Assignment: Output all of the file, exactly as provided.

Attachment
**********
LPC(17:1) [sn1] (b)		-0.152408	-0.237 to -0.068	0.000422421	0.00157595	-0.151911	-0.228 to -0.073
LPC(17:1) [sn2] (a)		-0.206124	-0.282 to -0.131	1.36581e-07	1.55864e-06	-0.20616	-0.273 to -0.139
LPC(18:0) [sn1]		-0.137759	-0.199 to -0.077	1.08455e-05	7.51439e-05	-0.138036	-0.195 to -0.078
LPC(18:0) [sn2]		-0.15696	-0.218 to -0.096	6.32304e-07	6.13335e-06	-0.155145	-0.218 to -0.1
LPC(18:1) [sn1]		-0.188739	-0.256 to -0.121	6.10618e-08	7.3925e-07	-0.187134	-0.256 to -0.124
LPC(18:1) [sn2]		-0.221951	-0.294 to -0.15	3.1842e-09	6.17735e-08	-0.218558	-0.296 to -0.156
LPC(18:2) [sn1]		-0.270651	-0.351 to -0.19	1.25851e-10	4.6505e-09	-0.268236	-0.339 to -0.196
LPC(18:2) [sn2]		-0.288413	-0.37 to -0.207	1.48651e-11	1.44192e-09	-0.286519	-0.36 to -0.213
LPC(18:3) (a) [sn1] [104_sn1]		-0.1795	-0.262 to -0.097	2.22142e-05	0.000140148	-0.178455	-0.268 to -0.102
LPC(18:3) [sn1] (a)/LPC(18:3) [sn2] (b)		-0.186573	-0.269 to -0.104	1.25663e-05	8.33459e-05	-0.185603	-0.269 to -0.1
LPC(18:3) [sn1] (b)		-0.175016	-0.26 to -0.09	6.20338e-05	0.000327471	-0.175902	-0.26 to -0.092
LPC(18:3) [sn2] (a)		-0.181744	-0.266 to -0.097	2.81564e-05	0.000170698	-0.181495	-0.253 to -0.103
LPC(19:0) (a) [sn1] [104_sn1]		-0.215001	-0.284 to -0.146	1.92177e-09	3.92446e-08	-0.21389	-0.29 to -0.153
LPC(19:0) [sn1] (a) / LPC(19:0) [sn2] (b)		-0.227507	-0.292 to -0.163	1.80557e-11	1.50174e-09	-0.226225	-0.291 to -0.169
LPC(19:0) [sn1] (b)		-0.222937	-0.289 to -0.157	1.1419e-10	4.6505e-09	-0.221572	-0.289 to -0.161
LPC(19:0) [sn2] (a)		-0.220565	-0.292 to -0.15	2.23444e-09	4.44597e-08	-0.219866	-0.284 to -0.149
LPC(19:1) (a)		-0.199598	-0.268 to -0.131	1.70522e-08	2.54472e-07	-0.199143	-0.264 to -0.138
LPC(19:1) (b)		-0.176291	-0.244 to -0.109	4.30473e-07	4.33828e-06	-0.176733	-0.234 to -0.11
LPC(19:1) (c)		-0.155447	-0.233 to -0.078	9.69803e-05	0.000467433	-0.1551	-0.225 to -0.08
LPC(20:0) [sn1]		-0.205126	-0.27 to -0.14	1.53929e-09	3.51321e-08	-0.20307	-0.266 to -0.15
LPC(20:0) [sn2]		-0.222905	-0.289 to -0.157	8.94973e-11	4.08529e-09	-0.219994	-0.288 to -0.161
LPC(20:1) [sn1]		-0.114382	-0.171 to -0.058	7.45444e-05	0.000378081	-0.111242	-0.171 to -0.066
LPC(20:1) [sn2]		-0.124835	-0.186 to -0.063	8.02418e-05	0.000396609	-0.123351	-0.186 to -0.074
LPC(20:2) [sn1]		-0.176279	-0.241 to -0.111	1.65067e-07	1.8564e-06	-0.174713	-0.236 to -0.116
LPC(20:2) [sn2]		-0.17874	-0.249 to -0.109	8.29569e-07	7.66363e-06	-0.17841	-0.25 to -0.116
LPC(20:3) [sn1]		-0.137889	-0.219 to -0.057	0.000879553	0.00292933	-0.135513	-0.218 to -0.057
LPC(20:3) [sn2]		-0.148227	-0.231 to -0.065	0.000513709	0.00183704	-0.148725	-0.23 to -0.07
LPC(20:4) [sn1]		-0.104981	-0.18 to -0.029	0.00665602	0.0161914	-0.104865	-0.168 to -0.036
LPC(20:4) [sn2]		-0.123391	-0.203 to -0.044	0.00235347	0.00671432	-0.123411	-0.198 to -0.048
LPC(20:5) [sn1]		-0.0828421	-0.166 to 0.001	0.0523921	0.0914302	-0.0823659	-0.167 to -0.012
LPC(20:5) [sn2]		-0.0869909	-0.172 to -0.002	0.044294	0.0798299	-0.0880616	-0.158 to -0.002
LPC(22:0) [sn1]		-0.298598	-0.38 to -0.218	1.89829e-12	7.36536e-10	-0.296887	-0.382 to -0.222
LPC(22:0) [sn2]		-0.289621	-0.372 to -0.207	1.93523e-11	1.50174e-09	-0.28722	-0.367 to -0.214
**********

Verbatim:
LPC(17:1) [sn1] (b)		-0.152408	-0.237 to -0.068	0.000422421	0.00157595	-0.151911	-0.228 to -0.073
LPC(17:1) [sn2] (a)		-0.206124	-0.282 to -0.131	1.36581e-07	1.55864e-06	-0.20616	-0.273 to -0.139
LPC(18:0) [sn1]		-0.137759	-0.199 to -0.077	1.08455e-05	7.51439e-05	-0.138036	-0.195 to -0.078
LPC(18:0) [sn2]		-0.15696	-0.218 to -0.096	6.32304e-07	6.13335e-06	-0.155145	-0.218 to -0.1
LPC(18:1) [sn1]		-0.188739	-0.256 to -0.121	6.10618e-08	7.3925e-07	-0.187134	-0.256 to -0.124
LPC(18:1) [sn2]		-0.221951	-0.294 to -0.15	3.1842e-09	6.17735e-08	-0.218558	-0.296 to -0.156
LPC(18:2) [sn1]		-0.270651	-0.351 to -0.19	1.25851e-10	4.6505e-09	-0.268236	-0.339 to -0.196
LPC(18:2) [sn2]		-0.288413	-0.37 to -0.207	1.48651e-11	1.44192e-09	-0.286519	-0.36 to -0.213
LPC(18:3) (a) [sn1] [104_sn1]		-0.1795	-0.262 to -0.097	2.22142e-05	0.000140148	-0.178455	-0.268 to -0.102
LPC(18:3) [sn1] (a)/LPC(18:3) [sn2] (b)		-0.186573	-0.269 to -0.104	1.25663e-05	8.33459e-05	-0.185603	-0.269 to -0.1
LPC(18:3) [sn1] (b)		-0.175016	-0.26 to -0.09	6.20338e-05	0.000327471	-0.175902	-0.26 to -0.092
LPC(18:3) [sn2] (a)		-0.181744	-0.266 to -0.097	2.81564e-05	0.000170698	-0.181495	-0.253 to -0.103
LPC(19:0) (a) [sn1] [104_sn1]		-0.215001	-0.284 to -0.146	1.92177e-09	3.92446e-08	-0.21389	-0.29 to -0.153
LPC(19:0) [sn1] (a) / LPC(19:0) [sn2] (b)		-0.227507	-0.292 to -0.163	1.80557e-11	1.50174e-09	-0.226225	-0.291 to -0.169
LPC(19:0) [sn1] (b)		-0.222937	-0.289 to -0.157	1.1419e-10	4.6505e-09	-0.221572	-0.289 to -0.161
LPC(19:0) [sn2] (a)		-0.220565	-0.292 to -0.15	2.23444e-09	4.44597e-08	-0.219866	-0.284 to -0.149
LPC(19:1) (a)		-0.199598	-0.268 to -0.131	1.70522e-08	2.54472e-07	-0.199143	-0.264 to -0.138
LPC(19:1) (b)		-0.176291	-0.244 to -0.109	4.30473e-07	4.33828e-06	-0.176733	-0.234 to -0.11
LPC(19:1) (c)		-0.155447	-0.233 to -0.078	9.69803e-05	0.000467433	-0.1551	-0.225 to -0.08
LPC(20:0) [sn1]		-0.205126	-0.27 to -0.14	1.53929e-09	3.51321e-08	-0.20307	-0.266 to -0.15
LPC(20:0) [sn2]		-0.222905	-0.289 to -0.157	8.94973e-11	4.08529e-09	-0.219994	-0.288 to -0.161
LPC(20:1) [sn1]		-0.114382	-0.171 to -0.058	7.45444e-05	0.000378081	-0.111242	-0.171 to -0.066
LPC(20:1) [sn2]		-0.124835	-0.186 to -0.063	8.02418e-05	0.000396609	-0.123351	-0.186 to -0.074
LPC(20:2) [sn1]		-0.176279	-0.241 to -0.111	1.65067e-07	1.8564e-06	-0.174713	-0.236 to -0.116
LPC(20:2) [sn2]		-0.17874	-0.249 to -0.109	8.29569e-07	7.66363e-06	-0.17841	-0.25 to -0.116
LPC(20:3) [sn1]		-0.137889	-0.219 to -0.057	0.000879553	0.00292933	-0.135513	-0.218 to -0.057
LPC(20:3) [sn2]		-0.148227	-0.231 to -0.065	0.000513709	0.00183704	-0.148725	-0.23 to -0.07
LPC(20:4) [sn1]		-0.104981	-0.18 to -0.029	0.00665602	0.0161914	-0.104865	-0.168 to -0.036
LPC(20:4) [sn2]		-0.123391	-0.203 to -0.044	0.00235347	0.00671432	-0.123411	-0.198 to -0.048
LPC(20:5) [sn1]		-0.0828421	-0.166 to 0.001	0.0523921	0.0914302	-0.0823659	-0.167 to -0.012
LPC(20:5) [sn2]		-0.0869909	-0.172 to -0.002	0.044294	0.0798299	-0.0880616	-0.158 to -0.002
LPC(22:0) [sn1]		-0.298598	-0.38 to -0.218	1.89829e-12	7.36536e-10	-0.296887	-0.382 to -0.222
LPC(22:0) [sn2]		-0.289621	-0.372 to -0.207	1.93523e-11	1.50174e-09	-0.28722	-0.367 to -0.214